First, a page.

The Movie and Television Review and Classification Board (MTRCB) mulled on regulating the content in digital streaming platforms including Netflix, a proposal which drew backlash online.
Jonathan Presquito, chief of MTRCB Legal Affairs Division, told the Senate Committee on Trade, Commerce and Entrepreneurship that Netflix, iflix and other similar providers are under the agency’s jurisdiction for review.
He explained that all materials that contained a “motion picture” regardless of the medium of distribution should be regulated by the MTRCB.
“Streaming services like Netflix are video-on-demand platforms, and we have to regulate those platforms. We have to ensure that those materials being shown on those platforms are compliant with the MTRCB law,” Presquito said.
In line with the regulation, MTRCB still wants the streaming service industry in the country to flourish.
Presquito also noted that they also don’t want their proposed policies to clash with existing measures.
“We don’t want to create an impression that MTRCB will be violating the other laws of the Philippines na halimbawa si Netflix irerehistro sa MTRCB and yet Netlfix won’t comply with SEC law on doing business, won’t comply with the BIR law on registration, won’t comply with the local government regulations, mayor’s permit,” he said.
Netflix, considered as the most popular streaming provider in the world, previously gained nearly 16 million subscribers during the first quarter of 2020 and continues to grow amid the novel coronavirus pandemic.
This spike happened as various governments including the Philippines imposed strict lockdowns to control the spread of the deadly virus which causes COVID-19.
Other similar platforms that are available in the country are iflix from Malaysia, Amazon Prime, Disney Plus and YouTube Premium.
Objections on proposed regulation
The name “MTRCB” immediately reached the Philippine Trends on Twitter following reports of Presquito’s proposal with over 4,600 tweets under its belt.
Several Filipinos, particularly subscribers of Netflix, questioned MTRCB for the sudden proposal of regulating digital content from these firms.
“Youtube nga hindi kaya i-moderate ang entire platform nila. I don’t see why rules will apply to Netflix but not Youtube or FB video streaming,” one user said.
“MTRCB really pushing Filipinos to watch on pirated sites instead. As if regulating Netflix would stop these people from searching on illegal sites or torrents. Either they’re stupid or bored out of their minds to suggest this,” another wrote.
“What’s this with the MTRCB? They want to regulate content on Netflix and other streaming devices. They have no respect for the intelligence of subscribers to determine what is good or immoral content,” another user said.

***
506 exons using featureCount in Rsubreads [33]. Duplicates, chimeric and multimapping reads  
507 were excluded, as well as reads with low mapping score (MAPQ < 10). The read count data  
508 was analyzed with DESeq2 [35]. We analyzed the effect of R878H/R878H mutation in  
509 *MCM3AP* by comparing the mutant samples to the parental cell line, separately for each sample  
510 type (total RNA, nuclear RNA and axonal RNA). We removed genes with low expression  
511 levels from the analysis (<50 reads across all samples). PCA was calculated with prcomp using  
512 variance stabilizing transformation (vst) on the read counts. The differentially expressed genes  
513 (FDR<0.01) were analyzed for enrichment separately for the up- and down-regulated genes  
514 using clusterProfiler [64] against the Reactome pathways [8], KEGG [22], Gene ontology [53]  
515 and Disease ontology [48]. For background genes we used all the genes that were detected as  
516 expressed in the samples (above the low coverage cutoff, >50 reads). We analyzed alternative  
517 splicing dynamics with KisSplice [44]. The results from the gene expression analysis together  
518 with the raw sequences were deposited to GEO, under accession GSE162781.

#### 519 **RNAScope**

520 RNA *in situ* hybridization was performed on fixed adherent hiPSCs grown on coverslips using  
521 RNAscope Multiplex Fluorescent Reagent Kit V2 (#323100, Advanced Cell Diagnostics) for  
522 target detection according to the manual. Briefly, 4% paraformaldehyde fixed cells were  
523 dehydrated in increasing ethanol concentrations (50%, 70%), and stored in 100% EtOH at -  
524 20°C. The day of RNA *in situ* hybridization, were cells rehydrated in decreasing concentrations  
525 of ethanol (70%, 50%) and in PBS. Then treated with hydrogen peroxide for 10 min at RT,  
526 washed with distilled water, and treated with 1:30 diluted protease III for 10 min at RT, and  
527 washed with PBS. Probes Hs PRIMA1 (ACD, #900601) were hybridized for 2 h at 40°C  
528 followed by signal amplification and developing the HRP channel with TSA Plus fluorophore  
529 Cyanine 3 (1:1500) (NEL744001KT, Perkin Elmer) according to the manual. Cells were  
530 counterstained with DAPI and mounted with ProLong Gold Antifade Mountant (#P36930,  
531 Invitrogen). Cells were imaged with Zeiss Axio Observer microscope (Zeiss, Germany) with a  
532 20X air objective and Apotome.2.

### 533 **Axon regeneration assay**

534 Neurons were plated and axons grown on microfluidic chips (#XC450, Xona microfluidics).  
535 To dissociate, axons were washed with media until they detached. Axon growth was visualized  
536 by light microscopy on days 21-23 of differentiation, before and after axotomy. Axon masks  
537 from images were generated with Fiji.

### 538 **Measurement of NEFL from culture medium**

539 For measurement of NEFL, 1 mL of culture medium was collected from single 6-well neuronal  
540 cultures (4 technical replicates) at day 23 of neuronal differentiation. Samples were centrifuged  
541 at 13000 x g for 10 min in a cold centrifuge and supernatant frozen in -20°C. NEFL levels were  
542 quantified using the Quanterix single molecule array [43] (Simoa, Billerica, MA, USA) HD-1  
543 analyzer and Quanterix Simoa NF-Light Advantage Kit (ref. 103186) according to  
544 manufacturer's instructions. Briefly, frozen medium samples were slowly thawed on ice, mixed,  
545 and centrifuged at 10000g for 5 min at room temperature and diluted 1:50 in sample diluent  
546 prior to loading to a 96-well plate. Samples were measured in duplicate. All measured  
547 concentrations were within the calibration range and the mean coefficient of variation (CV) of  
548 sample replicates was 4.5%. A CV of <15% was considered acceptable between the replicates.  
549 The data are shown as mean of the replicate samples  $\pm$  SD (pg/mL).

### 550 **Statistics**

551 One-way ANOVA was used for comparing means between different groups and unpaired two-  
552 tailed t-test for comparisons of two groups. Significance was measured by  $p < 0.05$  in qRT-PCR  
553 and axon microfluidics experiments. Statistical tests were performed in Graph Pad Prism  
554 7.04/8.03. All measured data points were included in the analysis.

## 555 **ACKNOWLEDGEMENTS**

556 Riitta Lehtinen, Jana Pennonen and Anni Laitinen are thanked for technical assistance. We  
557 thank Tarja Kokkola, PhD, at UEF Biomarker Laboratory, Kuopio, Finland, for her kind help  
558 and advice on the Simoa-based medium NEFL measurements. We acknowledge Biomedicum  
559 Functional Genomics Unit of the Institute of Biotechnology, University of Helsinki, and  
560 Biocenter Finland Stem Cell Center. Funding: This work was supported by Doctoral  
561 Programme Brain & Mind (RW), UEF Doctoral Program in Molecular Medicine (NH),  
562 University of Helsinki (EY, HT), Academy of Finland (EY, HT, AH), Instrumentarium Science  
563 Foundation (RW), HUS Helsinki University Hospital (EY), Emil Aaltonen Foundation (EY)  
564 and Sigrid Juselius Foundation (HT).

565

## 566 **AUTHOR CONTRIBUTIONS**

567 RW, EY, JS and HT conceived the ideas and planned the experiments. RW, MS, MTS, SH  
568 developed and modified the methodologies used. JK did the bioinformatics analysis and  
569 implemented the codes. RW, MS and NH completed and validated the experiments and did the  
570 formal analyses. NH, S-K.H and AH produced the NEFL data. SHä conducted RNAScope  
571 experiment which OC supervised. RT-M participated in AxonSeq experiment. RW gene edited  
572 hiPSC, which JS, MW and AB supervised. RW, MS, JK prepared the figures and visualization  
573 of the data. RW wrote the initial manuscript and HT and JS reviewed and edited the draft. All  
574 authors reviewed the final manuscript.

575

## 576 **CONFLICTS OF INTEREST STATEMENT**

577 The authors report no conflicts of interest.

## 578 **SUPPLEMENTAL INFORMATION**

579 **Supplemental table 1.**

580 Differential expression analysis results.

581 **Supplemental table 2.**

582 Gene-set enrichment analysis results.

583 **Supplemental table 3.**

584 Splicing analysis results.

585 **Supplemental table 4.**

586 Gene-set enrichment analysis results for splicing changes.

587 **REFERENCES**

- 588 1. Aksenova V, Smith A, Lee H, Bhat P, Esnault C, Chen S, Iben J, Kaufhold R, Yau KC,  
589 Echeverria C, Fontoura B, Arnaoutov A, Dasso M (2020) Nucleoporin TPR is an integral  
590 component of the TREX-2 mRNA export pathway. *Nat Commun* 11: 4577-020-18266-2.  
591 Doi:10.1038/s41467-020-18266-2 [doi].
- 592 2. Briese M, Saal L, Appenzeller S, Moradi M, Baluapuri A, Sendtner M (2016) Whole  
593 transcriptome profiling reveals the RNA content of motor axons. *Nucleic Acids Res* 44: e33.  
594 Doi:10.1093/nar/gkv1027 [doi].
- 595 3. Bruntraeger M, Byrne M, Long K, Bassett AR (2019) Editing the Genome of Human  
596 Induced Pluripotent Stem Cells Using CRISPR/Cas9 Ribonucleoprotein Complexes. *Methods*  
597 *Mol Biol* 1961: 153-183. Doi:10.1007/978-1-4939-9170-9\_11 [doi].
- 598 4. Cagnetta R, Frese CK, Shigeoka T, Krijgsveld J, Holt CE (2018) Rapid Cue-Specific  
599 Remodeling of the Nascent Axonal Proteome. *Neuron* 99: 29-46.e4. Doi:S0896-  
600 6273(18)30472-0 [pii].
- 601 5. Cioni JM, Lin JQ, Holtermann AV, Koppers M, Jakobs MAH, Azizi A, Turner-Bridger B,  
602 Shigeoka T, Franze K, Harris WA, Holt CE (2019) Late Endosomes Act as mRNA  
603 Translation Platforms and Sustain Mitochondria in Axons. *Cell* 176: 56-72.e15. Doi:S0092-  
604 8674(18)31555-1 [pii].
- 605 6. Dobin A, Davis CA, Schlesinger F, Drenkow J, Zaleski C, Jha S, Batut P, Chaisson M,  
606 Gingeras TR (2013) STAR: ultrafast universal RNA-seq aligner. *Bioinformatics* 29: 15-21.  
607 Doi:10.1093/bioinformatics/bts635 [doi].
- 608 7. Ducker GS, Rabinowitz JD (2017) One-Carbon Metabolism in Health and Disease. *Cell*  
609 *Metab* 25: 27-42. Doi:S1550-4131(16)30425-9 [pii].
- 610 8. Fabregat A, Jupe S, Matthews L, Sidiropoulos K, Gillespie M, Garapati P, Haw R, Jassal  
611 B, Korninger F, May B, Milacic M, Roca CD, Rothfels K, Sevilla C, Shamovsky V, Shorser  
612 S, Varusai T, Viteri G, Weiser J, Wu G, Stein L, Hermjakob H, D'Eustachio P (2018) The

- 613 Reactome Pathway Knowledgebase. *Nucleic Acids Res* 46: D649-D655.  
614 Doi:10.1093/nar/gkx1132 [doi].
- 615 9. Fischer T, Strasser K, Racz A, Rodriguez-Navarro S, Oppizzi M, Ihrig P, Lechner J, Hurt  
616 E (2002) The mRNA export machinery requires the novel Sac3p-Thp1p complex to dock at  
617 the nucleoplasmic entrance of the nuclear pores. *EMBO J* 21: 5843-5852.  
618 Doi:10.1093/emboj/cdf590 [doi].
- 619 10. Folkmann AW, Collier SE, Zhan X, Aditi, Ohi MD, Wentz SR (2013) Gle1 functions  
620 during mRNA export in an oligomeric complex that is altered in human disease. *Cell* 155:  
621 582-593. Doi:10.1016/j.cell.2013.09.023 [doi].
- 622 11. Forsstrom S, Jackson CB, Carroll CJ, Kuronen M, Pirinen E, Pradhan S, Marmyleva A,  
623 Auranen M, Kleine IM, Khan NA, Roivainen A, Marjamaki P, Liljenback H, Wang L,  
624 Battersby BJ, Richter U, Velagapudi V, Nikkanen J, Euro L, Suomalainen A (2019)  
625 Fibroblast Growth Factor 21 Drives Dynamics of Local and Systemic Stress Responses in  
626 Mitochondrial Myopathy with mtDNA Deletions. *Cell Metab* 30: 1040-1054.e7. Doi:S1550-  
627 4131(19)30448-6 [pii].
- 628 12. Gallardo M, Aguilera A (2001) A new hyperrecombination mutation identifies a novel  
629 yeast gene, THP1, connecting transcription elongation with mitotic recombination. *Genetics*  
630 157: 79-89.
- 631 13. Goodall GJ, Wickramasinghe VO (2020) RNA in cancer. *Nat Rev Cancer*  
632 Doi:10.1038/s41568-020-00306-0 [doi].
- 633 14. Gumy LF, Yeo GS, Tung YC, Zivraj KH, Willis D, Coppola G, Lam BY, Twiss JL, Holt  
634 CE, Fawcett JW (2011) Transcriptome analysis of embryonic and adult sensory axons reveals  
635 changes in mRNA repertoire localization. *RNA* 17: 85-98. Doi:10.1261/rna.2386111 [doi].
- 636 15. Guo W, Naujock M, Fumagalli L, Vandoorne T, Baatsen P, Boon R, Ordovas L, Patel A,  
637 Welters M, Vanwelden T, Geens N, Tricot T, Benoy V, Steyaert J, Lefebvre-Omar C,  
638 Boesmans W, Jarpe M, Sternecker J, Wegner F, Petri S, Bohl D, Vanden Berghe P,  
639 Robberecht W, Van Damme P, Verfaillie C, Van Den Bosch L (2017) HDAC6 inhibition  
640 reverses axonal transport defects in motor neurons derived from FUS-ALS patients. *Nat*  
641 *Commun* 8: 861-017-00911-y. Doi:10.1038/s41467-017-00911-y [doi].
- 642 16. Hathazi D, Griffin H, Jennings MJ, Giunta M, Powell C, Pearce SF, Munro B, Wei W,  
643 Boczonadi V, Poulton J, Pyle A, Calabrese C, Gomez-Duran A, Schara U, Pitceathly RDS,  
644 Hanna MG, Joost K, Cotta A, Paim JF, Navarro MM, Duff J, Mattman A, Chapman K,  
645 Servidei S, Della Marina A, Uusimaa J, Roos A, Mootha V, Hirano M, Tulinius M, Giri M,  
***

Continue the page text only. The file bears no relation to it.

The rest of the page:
What is MTRCB’s mandate?
As indicated in its mandate, the type of materials that MTRCB has jurisdiction over is quite comprehensive.
“All motion pictures, television programs and commercials intended for public exhibition in theaters and television, and related publicity materials and/or promotional materials, whether imported or produced in the Philippines, for the purpose of local viewing or for export, shall be subject to review and classification by the BOARD before they are exported, copied, distributed, sold, leased and exhibited,” the 2004 amended implementing rules and regulations of Presidential Decree 1986 that created MTRCB reads.
In general, MTRCB’s classification or ratings are as follows:
- G: advises parents or supervising adults that the film or television program is suitable for all audiences
- PG: advises parents or supervising adults that the film or television program may contain any of the following: themes, language, violence, nudity, sex, and horror, whose treatment is suitable for children below thirteen years of age
- R-13: only viewers who are thirteen years old and above can be admitted to watch the film
- R-16 and R-18: only viewers who are either 16 or 18 years old and above can be admitted to watch the film
- SPG for television programs: Television programs may contain more serious topics and themes, which may not be advisable for children to watch except under the very vigilant guidance and presence of a parent or an adult.
Other countries also have their own rating systems for digital content being distributed through streaming providers available to their residents.
In the case of Netflix, countries such as Turkey, India, South Korea and Indonesia have regulated certain scenes and even pulled out other releases that are not approved by their regulatory boards.
Netflix had been particularly at odds with Asian markets due to the differences in political, religious and moral landscapes following its global roll-out in 2016.